Tag Archives: fiction writing

Sue Harrison’s “Writing the Third Dimension” – part 3: The Boyfriend List

Welcome! Over the next many months we invite you to return here, specifically on the fourth Thursday of each month for the newest installment of Sue Harrisons teaching: Writing The Third Dimension. You can read all the segments by clicking on the page title WRITING THE THIRD DIMENSION, found under Writers’ Helps & Workshops on the drop-down menu. Please feel free to ask questions and leave comments for Sue. Now for the topic for month three:

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“Writing the Third Dimension” – part 3: The Boyfriend List

When I was twelve, I wrote a Boyfriend List. My list included all the dream qualities I considered ideal in a boyfriend. Most of it was very superficial: blue eyes, good athlete, smart, cute, and nice. Cute and nice? Ah well, I was only twelve.

Writing that list didn’t help me much during the angst years of junior high; however, it was the first indication that I would take after my maternal grandfather and become a list writer. I live on lists. Grocery lists, lists of goals, book idea lists, books I’ve read, housework to-do… I could go on, but I’ll spare you. If you are a list-maker, you’re going to like what I have to say next. If not, please give my suggestions at least a bit of consideration. I think they will be helpful for you as you write your novel.

You’ve been fostering a friendship with your main character. You’ve been carrying this brand new person in your head, having conversations with him, asking questions, getting to know her. That’s the creative Right Brain part. Now comes the Left Brain stuff. You need to write everything down. If you’re a “fly by the seat of your pants” kind of writer, you might resist doing that, but sometimes creativity has to bow to analysis. Your novel will have a much better chance to make it all the way to publication if you know your character so well that you convey his motivations and reactions so that they make sense to the reader throughout the novel. (And you also want the blue-eyed girl in the first chapter to still have blue eyes in the last chapter.)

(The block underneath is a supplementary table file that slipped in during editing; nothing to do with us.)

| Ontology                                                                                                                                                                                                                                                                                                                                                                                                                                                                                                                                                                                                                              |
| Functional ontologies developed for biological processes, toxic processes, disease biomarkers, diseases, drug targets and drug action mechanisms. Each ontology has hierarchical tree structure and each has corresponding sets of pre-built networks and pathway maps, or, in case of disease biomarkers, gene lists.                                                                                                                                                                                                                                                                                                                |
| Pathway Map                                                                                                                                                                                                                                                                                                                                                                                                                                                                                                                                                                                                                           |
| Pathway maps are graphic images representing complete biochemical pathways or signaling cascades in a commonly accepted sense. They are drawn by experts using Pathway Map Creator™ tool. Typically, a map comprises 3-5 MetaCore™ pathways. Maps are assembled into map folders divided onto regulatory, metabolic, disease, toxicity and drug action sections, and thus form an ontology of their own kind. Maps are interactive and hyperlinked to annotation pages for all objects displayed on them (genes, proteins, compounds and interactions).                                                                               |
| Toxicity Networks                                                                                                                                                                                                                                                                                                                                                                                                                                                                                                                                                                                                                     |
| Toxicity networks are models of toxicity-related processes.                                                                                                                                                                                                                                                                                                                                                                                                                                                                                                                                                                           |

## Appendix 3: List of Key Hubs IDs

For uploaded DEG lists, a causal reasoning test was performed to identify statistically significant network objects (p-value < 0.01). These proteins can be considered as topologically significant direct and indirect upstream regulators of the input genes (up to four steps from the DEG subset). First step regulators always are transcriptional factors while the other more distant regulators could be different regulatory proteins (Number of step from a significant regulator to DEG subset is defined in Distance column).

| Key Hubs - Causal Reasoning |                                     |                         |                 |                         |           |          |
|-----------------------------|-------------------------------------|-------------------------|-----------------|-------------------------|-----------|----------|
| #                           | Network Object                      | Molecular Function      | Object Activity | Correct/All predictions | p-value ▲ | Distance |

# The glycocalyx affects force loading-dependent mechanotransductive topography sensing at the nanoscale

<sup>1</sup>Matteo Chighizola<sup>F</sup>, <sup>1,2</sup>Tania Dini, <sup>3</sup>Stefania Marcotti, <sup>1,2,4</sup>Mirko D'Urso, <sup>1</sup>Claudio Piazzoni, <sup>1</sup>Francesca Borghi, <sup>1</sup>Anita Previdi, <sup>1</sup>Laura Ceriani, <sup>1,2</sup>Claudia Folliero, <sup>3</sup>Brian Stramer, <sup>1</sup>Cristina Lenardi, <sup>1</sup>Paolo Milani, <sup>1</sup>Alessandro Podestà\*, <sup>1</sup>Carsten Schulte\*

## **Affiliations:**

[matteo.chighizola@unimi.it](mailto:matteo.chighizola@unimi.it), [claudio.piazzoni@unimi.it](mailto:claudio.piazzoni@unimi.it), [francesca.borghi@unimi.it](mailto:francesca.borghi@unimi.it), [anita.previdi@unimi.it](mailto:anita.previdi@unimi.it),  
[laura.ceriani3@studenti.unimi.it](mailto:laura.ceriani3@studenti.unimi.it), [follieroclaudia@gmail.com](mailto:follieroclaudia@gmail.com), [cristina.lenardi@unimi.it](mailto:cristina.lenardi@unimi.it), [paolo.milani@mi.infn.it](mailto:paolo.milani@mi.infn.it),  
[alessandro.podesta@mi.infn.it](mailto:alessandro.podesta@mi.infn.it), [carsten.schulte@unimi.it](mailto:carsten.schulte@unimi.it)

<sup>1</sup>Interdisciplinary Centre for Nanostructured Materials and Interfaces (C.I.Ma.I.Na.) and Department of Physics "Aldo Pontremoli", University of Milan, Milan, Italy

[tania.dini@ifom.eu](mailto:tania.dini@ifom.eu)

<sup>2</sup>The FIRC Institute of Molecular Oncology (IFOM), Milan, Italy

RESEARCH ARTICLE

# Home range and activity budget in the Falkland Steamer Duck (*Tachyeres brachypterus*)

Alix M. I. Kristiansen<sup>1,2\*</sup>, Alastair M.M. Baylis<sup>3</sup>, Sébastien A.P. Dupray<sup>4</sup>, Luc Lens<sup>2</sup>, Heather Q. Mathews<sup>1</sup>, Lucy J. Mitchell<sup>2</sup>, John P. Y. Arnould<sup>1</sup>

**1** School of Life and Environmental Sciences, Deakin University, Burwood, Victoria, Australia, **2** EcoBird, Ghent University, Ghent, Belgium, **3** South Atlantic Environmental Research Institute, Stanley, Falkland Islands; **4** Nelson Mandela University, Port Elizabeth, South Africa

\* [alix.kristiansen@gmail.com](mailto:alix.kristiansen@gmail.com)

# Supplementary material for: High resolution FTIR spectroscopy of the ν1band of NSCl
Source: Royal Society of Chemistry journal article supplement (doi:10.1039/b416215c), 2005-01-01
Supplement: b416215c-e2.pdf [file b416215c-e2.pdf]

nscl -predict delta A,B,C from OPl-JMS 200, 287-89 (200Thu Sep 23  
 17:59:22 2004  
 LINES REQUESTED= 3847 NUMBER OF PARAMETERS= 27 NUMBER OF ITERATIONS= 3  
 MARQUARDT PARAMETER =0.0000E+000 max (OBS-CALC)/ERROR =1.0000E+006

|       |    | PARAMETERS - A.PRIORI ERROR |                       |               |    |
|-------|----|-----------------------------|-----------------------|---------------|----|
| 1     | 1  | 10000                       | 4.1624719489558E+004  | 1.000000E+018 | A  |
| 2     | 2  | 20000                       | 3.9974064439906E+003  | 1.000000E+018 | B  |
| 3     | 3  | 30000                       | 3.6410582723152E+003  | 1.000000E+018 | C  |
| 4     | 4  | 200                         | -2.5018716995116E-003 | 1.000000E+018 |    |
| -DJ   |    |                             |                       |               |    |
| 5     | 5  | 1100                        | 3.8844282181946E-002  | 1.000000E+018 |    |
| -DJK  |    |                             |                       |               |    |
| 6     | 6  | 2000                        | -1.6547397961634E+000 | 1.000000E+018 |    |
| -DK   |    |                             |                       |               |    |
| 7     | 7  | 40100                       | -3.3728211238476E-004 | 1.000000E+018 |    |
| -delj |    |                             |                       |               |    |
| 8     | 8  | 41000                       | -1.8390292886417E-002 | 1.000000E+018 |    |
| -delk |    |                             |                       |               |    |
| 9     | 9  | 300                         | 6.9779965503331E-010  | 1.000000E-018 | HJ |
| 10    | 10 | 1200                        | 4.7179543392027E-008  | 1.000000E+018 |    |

Most of you have done a character sketch, maybe when you were in junior high or high school. A character sketch? Yes, all this has been leading up to that old standard, the character sketch. (No histrionics, please!)

My usual character sketch includes these items: name, age, race, birth date, nationality, birthplace, hair color, eye color, skin color, facial characteristics, body type, unusual physical characteristics (tattoos, birthmarks, freckles and so on), weight, height, body language/mannerisms, voice, speech quirks (clichés, catch phrases), time period in which she/he lives, favorite food, favorite animal and television show and movie and book and music, favorite person, his/her parents, siblings, relatives, pets, jobs held, and schooling.

The list could be almost endless, and I’m sure that you’ll think of characteristics that I haven’t included. Your character sketch will vary, novel to novel. A character who lives in the 1800s will not have a favorite television show, of course, but he may have a favorite saddle. In my Alaska trilogies all characters have brown eyes and dark hair, so that was easy, but I needed to use other physical characteristics to help me – and my readers – differentiate one character from another. That was a little more complex.

You’ll need a sketch for each main character and probably for your primary villain. You may find yourself changing things in your character sketch as you progress through this novel, so an area for “additional notes” is a good idea. Don’t be afraid to throw in MORE than you probably need to know. Even though these facts may never come to light within the novel, the more you understand about your character, the better job you’ll do writing about him. Also, you never know when an unexpected twist may change the course of your novel. Characters do have a tendency to wrestle the keyboard away from the writer. That’s when I benefit from re-reading my character notes.